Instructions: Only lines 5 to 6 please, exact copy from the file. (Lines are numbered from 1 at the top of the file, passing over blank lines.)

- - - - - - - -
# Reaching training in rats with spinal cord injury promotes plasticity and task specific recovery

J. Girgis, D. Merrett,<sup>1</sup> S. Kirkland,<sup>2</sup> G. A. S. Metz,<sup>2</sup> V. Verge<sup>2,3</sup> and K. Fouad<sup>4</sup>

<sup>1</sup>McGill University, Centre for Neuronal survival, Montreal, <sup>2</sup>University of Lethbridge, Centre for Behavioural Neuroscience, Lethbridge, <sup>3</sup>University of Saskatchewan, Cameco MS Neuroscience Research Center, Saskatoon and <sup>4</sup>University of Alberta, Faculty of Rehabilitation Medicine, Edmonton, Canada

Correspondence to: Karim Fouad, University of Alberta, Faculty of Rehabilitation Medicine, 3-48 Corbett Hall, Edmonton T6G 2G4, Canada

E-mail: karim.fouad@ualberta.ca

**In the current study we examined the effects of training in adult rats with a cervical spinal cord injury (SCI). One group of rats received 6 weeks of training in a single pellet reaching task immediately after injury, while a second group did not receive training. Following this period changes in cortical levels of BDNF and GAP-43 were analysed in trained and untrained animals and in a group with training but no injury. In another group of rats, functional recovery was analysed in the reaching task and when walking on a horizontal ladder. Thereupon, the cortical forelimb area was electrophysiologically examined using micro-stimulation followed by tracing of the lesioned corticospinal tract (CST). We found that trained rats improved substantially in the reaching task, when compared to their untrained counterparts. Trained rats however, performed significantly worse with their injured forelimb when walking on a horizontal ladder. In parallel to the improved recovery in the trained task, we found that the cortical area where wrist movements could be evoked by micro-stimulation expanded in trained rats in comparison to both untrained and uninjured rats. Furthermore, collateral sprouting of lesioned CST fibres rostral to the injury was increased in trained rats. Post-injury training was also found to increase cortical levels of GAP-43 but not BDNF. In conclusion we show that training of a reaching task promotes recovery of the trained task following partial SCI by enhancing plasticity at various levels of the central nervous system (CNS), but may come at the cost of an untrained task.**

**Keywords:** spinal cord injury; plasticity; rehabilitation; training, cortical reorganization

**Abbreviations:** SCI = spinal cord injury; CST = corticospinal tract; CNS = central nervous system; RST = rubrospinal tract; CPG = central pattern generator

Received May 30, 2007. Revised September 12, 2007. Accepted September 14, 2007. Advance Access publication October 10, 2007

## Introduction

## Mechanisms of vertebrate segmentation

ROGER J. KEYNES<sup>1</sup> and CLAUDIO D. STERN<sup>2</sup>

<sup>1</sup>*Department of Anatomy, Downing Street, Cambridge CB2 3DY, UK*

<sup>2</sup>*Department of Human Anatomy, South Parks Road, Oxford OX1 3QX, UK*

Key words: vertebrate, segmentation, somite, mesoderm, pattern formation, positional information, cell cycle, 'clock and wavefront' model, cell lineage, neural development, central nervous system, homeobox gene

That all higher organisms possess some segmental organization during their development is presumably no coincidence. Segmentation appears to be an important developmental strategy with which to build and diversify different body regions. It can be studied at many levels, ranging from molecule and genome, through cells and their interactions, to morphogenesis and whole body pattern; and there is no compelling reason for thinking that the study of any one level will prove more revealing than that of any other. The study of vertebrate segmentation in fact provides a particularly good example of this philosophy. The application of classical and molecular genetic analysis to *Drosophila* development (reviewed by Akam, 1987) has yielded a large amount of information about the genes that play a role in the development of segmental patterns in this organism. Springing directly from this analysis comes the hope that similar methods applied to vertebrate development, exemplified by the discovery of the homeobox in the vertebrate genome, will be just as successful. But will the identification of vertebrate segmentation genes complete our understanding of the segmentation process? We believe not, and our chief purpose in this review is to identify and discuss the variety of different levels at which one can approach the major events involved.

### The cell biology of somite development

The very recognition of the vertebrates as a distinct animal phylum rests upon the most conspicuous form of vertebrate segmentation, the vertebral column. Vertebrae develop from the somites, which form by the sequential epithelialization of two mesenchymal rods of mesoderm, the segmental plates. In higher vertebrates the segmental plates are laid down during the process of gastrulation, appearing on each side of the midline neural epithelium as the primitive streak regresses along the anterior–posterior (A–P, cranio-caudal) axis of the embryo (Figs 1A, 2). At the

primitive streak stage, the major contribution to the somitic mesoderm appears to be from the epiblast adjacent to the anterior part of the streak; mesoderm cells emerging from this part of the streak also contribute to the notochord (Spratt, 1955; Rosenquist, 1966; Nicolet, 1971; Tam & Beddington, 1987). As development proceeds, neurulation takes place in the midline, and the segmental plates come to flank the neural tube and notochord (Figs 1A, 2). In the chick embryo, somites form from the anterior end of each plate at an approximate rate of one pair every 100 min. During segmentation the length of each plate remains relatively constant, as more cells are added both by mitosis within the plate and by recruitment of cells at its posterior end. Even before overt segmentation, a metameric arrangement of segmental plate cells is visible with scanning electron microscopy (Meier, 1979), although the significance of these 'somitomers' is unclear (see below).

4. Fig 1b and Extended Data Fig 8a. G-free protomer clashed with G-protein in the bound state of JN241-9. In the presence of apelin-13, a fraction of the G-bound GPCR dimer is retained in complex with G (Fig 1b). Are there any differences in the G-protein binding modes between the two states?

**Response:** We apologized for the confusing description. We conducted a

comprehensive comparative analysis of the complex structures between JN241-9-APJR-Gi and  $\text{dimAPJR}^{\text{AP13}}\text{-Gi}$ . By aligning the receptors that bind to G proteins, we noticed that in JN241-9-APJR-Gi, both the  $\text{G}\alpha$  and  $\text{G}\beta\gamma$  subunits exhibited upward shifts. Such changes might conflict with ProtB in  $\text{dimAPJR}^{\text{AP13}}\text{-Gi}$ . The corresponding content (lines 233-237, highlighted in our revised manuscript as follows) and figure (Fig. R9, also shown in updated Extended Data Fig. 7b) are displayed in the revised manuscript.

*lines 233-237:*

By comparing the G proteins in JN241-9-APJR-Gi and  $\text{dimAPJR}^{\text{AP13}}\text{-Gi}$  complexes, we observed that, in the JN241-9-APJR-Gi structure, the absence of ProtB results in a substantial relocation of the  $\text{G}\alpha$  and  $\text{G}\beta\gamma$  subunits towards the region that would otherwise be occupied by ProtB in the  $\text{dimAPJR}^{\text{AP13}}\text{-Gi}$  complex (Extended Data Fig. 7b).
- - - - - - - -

E-mail: karim.fouad@ualberta.ca

**In the current study we examined the effects of training in adult rats with a cervical spinal cord injury (SCI). One group of rats received 6 weeks of training in a single pellet reaching task immediately after injury, while a second group did not receive training. Following this period changes in cortical levels of BDNF and GAP-43 were analysed in trained and untrained animals and in a group with training but no injury. In another group of rats, functional recovery was analysed in the reaching task and when walking on a horizontal ladder. Thereupon, the cortical forelimb area was electrophysiologically examined using micro-stimulation followed by tracing of the lesioned corticospinal tract (CST). We found that trained rats improved substantially in the reaching task, when compared to their untrained counterparts. Trained rats however, performed significantly worse with their injured forelimb when walking on a horizontal ladder. In parallel to the improved recovery in the trained task, we found that the cortical area where wrist movements could be evoked by micro-stimulation expanded in trained rats in comparison to both untrained and uninjured rats. Furthermore, collateral sprouting of lesioned CST fibres rostral to the injury was increased in trained rats. Post-injury training was also found to increase cortical levels of GAP-43 but not BDNF. In conclusion we show that training of a reaching task promotes recovery of the trained task following partial SCI by enhancing plasticity at various levels of the central nervous system (CNS), but may come at the cost of an untrained task.**